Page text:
Eliciting Compatible Demonstrations for
Multi-Human Imitation Learning

Kanishk Gandhi, Siddharth Karamcheti, Madeline Liao, Dorsa Sadigh


Imitation learning from human-provided demonstrations is a strong approach for learning policies for robot manipulation. While the ideal dataset for imitation learning is homogenous and low-variance - reflecting a single, optimal method for performing a task - natural human behavior has a great deal of heterogeneity, with several optimal ways to demonstrate a task. This multimodality is inconsequential to human users, with task variations manifesting as subconscious choices; for example, reaching down, then across to grasp an object, versus reaching across, then down. Yet, this mismatch presents a problem for interactive imitation learning, where sequences of users improve on a policy by iteratively collecting new, possibly conflicting demonstrations. To combat this problem of demonstrator incompatibility, this work designs an approach for 1) measuring the compatibility of a new demonstration given a base policy, and 2) actively eliciting more compatible demonstrations from new users. Across two simulation tasks requiring long-horizon, dexterous manipulation and a real-world "food plating" task with a Franka Emika Panda arm, we show that we can both identify incompatible demonstrations via post-hoc filtering, and apply our compatibility measure to actively elicit compatible demonstrations from new users, leading to improved task success rates across simulated and real environments.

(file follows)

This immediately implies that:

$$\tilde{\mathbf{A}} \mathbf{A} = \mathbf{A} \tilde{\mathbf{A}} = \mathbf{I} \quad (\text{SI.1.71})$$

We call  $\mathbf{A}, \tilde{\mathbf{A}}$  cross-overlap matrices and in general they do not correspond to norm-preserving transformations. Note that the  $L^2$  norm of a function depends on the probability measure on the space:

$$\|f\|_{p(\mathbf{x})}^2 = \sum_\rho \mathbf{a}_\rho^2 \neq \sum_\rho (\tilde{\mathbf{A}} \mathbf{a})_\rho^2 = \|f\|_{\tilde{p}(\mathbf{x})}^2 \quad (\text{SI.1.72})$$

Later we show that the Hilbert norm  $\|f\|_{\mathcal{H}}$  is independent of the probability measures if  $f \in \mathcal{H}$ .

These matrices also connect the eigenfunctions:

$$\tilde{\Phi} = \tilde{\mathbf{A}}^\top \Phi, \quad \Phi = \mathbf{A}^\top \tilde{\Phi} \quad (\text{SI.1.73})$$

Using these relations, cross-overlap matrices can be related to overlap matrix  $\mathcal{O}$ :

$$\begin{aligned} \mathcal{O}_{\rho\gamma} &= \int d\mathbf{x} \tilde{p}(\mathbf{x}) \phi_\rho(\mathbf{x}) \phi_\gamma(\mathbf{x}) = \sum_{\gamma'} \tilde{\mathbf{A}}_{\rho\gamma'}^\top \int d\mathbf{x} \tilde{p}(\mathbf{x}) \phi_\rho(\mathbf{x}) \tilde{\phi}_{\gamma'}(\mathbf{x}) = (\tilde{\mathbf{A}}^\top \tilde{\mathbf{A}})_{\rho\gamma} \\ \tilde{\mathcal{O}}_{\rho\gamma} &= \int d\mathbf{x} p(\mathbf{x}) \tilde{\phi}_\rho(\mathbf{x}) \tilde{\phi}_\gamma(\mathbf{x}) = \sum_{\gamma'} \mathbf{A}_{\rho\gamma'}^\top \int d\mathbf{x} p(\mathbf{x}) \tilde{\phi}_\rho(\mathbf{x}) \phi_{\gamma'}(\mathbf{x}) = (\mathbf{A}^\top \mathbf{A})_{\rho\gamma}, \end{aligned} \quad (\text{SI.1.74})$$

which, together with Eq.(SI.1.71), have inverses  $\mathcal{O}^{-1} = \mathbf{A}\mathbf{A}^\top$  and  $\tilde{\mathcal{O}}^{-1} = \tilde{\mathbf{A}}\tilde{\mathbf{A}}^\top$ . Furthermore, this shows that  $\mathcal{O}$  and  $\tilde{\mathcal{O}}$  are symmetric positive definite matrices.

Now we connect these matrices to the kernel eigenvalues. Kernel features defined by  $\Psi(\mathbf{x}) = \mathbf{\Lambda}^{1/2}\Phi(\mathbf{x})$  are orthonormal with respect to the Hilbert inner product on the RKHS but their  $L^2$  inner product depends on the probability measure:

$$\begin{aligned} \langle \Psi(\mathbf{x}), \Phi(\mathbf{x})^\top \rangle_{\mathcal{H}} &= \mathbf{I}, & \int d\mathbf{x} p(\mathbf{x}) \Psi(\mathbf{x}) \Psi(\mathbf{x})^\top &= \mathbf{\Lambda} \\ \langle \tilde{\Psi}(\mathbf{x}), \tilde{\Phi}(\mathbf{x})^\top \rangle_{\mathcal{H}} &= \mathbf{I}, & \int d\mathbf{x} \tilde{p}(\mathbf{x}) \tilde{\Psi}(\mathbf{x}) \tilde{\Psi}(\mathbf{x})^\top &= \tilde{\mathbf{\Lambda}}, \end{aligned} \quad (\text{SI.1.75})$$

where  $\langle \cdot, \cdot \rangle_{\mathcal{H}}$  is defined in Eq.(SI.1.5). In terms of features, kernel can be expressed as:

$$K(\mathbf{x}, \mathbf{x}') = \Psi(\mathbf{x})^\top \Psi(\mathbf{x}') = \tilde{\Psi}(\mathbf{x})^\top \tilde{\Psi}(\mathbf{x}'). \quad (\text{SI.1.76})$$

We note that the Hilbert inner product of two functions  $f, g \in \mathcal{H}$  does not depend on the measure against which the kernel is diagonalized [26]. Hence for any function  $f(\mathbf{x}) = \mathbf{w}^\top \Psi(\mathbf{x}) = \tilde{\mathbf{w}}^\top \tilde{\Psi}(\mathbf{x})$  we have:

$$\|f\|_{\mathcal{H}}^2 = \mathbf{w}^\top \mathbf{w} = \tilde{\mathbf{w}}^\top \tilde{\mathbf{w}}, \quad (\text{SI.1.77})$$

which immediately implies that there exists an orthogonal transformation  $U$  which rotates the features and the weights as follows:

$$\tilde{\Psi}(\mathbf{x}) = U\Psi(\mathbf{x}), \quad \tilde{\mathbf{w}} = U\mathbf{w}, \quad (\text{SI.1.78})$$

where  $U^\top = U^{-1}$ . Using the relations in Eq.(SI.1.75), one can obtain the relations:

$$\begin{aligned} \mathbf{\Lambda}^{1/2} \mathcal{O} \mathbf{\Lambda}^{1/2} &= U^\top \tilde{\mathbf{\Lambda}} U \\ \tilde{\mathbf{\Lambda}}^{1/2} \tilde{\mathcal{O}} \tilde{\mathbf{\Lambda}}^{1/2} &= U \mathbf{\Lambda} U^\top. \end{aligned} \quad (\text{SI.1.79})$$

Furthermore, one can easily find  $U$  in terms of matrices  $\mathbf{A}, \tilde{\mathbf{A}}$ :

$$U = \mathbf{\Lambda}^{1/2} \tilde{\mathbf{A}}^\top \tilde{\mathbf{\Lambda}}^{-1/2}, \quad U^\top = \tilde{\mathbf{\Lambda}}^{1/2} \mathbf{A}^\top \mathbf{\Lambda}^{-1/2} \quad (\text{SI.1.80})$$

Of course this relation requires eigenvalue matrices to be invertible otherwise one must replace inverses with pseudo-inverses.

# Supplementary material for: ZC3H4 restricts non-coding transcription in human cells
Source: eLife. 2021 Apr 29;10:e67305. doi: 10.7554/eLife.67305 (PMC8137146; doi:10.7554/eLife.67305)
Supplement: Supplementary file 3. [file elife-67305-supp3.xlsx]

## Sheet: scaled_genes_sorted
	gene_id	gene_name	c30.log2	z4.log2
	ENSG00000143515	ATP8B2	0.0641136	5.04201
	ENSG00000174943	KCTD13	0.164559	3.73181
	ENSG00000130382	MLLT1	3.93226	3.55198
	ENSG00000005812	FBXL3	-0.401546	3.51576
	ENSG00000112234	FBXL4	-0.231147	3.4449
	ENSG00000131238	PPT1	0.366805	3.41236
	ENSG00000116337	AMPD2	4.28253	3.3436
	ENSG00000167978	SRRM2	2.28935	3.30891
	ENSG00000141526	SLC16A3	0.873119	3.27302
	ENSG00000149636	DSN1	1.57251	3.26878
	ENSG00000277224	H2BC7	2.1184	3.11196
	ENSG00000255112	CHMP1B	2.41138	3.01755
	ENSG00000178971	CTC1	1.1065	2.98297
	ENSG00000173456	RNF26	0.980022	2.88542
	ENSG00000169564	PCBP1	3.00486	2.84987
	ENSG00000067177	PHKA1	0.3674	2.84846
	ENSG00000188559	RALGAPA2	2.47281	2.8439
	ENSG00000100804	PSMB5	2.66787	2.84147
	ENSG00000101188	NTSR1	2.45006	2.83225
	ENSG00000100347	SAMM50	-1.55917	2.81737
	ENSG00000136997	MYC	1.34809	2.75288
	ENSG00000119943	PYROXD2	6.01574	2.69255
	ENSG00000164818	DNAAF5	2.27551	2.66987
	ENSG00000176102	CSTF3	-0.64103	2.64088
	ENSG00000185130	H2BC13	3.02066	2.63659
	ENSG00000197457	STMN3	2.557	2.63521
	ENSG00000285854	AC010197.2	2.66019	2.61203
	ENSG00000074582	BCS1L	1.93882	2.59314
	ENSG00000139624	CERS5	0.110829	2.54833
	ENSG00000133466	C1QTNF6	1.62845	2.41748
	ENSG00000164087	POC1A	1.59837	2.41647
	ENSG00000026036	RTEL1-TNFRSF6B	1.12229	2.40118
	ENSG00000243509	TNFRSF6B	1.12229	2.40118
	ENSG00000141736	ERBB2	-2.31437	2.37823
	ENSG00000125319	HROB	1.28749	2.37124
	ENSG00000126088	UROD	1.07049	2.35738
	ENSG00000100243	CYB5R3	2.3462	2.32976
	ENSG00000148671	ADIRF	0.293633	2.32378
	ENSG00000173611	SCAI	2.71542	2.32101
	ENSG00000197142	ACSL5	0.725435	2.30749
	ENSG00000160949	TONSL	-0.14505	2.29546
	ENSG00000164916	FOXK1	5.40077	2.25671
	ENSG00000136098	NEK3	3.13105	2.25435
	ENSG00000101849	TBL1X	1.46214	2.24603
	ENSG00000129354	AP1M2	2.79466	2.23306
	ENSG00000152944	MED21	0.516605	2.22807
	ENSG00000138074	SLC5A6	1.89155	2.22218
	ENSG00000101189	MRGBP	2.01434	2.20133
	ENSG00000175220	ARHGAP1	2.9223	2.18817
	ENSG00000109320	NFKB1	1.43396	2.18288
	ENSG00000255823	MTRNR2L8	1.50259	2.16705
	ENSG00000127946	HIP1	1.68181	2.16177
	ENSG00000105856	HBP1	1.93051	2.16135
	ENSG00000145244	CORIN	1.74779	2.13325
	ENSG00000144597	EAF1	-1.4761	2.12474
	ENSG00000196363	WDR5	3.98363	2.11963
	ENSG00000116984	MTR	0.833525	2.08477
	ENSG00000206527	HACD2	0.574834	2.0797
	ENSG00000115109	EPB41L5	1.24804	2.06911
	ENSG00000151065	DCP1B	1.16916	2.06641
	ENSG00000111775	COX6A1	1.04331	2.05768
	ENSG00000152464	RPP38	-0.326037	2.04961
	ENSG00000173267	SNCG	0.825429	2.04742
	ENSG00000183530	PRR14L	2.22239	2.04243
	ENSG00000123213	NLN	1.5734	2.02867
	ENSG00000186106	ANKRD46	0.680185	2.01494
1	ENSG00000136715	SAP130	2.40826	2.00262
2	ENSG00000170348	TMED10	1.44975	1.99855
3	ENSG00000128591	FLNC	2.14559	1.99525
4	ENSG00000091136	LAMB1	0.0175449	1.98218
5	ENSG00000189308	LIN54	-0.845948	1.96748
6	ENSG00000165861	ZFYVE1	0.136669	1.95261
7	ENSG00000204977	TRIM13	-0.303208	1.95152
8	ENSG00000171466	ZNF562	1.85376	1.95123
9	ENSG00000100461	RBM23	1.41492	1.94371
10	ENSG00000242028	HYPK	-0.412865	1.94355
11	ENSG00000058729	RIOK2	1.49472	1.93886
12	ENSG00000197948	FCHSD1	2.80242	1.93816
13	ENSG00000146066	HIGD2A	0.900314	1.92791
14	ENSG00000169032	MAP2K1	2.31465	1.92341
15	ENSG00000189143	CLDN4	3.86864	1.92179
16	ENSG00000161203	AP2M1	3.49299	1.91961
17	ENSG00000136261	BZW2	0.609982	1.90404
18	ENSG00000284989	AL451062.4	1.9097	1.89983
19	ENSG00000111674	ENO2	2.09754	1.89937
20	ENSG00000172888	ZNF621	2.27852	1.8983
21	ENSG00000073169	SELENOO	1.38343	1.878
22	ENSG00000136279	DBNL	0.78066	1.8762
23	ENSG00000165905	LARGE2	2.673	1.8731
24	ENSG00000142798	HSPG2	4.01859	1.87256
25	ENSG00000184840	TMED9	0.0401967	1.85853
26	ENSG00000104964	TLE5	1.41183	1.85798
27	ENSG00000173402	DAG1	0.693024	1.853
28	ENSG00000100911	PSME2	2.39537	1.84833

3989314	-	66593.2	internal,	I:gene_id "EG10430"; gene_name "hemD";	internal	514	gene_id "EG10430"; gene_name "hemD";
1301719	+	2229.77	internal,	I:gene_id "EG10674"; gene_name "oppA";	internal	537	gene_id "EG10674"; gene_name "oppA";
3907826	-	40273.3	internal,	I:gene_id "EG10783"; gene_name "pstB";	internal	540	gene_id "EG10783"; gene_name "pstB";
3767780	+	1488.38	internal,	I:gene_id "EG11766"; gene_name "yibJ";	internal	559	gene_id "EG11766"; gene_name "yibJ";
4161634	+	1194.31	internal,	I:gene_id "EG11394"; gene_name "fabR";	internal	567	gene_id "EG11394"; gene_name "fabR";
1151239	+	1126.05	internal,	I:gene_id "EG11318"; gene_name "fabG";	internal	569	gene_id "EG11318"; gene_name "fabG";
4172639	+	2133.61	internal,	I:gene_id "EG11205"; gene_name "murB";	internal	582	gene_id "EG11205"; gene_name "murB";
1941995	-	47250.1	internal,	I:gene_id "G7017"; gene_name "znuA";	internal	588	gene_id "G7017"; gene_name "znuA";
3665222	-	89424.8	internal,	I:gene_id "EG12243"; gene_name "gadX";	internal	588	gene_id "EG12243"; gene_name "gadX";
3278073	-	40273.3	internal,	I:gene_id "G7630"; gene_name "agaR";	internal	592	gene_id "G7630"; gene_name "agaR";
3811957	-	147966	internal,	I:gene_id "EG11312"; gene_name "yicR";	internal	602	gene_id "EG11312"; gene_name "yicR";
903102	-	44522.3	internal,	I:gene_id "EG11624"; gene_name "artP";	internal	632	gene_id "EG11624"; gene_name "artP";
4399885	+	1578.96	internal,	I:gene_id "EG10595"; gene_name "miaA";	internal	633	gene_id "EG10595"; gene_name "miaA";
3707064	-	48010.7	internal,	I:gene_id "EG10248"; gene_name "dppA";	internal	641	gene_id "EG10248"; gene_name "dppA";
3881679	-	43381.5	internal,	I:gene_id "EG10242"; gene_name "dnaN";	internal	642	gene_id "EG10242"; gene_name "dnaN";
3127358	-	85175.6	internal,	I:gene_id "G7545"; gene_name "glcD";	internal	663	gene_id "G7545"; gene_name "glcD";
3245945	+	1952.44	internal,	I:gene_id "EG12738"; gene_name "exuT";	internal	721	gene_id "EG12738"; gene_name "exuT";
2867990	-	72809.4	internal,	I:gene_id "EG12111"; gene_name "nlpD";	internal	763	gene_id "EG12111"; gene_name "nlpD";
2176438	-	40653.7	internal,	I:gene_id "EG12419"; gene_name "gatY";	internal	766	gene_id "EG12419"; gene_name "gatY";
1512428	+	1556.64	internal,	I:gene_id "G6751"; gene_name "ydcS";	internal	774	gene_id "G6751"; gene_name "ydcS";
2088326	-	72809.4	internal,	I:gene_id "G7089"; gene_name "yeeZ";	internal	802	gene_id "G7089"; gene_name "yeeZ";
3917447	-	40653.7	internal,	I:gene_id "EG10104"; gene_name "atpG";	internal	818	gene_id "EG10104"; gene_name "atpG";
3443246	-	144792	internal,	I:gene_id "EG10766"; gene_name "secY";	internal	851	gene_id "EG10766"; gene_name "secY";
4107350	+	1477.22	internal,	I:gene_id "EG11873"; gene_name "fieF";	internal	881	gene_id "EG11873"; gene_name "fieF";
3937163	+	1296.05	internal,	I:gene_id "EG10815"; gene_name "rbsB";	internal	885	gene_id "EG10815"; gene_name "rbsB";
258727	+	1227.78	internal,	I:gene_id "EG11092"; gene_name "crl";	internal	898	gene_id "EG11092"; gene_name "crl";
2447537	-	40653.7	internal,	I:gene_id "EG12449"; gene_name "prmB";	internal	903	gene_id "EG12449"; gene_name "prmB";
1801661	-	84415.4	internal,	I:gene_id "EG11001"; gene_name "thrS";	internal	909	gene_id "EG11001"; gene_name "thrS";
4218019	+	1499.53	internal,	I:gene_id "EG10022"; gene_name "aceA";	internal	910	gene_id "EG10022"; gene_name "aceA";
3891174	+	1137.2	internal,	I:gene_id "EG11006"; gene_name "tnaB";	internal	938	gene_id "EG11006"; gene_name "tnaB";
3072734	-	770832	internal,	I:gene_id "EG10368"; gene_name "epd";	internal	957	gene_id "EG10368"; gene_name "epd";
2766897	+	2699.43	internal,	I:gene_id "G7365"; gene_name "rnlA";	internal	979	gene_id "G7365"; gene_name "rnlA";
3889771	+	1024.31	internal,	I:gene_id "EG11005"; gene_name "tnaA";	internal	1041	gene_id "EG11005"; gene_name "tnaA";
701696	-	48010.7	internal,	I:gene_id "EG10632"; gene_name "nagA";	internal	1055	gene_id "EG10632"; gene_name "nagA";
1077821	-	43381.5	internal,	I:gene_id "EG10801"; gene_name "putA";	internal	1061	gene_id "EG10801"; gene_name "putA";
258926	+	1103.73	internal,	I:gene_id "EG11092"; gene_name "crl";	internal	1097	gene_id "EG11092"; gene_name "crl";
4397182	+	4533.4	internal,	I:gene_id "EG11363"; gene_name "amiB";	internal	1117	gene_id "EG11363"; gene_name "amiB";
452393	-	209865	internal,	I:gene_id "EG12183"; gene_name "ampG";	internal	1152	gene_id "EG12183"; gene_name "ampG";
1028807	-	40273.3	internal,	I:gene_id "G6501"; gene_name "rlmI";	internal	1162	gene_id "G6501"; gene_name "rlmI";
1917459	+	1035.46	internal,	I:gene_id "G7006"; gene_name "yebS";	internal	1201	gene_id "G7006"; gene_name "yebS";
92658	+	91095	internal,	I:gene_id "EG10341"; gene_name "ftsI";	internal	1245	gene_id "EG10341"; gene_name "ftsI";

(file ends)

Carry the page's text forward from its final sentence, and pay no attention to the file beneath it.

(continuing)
Interface for collection


The user explores the controls and completes the task three times.


The user sees five expert demonstrations and is asked to mimic the style of the expert.


The user performs the task and receives online visual feedback about their actions.


Corrective feedback is shown to the user if a demonstration is rejected.

Active Elicitation Results

Success rates (mean/std across users) for the user studies evaluating both naive and informed demonstration collection against base users.

Policy Rollouts for Active Elicitation vs Naive Collection


(a) Successful rollout of a policy trained on demonstrations from an informed operator


(b) Failed rollout of a policy trained on demonstrations from a naive operator

Evaluation trajectories for the Informed (a) & Naive (b) conditions. In (b), the user provides conflicting demos (a “sideways tilt,” moving laterally and rotating sideways) compared to the initial demos (“vertical plating”). The resulting policy moves sideways and forward before failing.